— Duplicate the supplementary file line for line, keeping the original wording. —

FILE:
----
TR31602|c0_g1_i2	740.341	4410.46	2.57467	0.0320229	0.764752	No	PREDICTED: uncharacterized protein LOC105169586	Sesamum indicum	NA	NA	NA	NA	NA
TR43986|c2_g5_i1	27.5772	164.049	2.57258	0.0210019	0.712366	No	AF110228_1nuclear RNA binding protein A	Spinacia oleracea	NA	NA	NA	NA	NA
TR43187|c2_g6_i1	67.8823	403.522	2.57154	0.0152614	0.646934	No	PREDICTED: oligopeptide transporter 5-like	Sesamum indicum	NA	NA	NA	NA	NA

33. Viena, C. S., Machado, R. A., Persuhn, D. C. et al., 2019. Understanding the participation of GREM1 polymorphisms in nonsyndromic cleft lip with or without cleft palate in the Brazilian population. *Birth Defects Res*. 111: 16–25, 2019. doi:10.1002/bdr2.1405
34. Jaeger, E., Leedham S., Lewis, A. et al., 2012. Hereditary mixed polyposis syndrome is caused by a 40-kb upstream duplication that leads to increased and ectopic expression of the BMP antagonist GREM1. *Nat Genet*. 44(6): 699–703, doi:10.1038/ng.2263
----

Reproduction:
TR31602|c0_g1_i2	740.341	4410.46	2.57467	0.0320229	0.764752	No	PREDICTED: uncharacterized protein LOC105169586	Sesamum indicum	NA	NA	NA	NA	NA
TR43986|c2_g5_i1	27.5772	164.049	2.57258	0.0210019	0.712366	No	AF110228_1nuclear RNA binding protein A	Spinacia oleracea	NA	NA	NA	NA	NA
TR43187|c2_g6_i1	67.8823	403.522	2.57154	0.0152614	0.646934	No	PREDICTED: oligopeptide transporter 5-like	Sesamum indicum	NA	NA	NA	NA	NA

33. Viena, C. S., Machado, R. A., Persuhn, D. C. et al., 2019. Understanding the participation of GREM1 polymorphisms in nonsyndromic cleft lip with or without cleft palate in the Brazilian population. *Birth Defects Res*. 111: 16–25, 2019. doi:10.1002/bdr2.1405
34. Jaeger, E., Leedham S., Lewis, A. et al., 2012. Hereditary mixed polyposis syndrome is caused by a 40-kb upstream duplication that leads to increased and ectopic expression of the BMP antagonist GREM1. *Nat Genet*. 44(6): 699–703, doi:10.1038/ng.2263